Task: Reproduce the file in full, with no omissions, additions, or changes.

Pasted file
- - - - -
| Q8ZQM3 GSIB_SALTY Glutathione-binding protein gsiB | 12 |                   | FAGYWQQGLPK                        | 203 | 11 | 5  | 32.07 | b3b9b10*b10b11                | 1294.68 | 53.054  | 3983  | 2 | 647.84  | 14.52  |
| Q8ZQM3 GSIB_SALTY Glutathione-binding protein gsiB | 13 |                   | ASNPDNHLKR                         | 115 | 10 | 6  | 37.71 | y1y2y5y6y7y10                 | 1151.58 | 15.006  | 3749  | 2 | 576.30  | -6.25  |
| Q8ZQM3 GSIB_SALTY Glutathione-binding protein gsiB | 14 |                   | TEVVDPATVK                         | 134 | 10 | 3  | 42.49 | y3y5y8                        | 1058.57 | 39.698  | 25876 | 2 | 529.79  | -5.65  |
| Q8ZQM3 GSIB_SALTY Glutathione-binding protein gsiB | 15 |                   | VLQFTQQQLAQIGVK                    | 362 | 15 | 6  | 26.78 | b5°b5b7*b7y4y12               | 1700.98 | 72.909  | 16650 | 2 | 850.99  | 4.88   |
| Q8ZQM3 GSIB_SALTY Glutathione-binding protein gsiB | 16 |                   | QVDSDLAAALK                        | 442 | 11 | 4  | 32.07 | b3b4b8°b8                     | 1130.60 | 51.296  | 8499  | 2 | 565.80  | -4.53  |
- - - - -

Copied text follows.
| Q8ZQM3 GSIB_SALTY Glutathione-binding protein gsiB | 12 |                   | FAGYWQQGLPK                        | 203 | 11 | 5  | 32.07 | b3b9b10*b10b11                | 1294.68 | 53.054  | 3983  | 2 | 647.84  | 14.52  |
| Q8ZQM3 GSIB_SALTY Glutathione-binding protein gsiB | 13 |                   | ASNPDNHLKR                         | 115 | 10 | 6  | 37.71 | y1y2y5y6y7y10                 | 1151.58 | 15.006  | 3749  | 2 | 576.30  | -6.25  |
| Q8ZQM3 GSIB_SALTY Glutathione-binding protein gsiB | 14 |                   | TEVVDPATVK                         | 134 | 10 | 3  | 42.49 | y3y5y8                        | 1058.57 | 39.698  | 25876 | 2 | 529.79  | -5.65  |
| Q8ZQM3 GSIB_SALTY Glutathione-binding protein gsiB | 15 |                   | VLQFTQQQLAQIGVK                    | 362 | 15 | 6  | 26.78 | b5°b5b7*b7y4y12               | 1700.98 | 72.909  | 16650 | 2 | 850.99  | 4.88   |
| Q8ZQM3 GSIB_SALTY Glutathione-binding protein gsiB | 16 |                   | QVDSDLAAALK                        | 442 | 11 | 4  | 32.07 | b3b4b8°b8                     | 1130.60 | 51.296  | 8499  | 2 | 565.80  | -4.53  |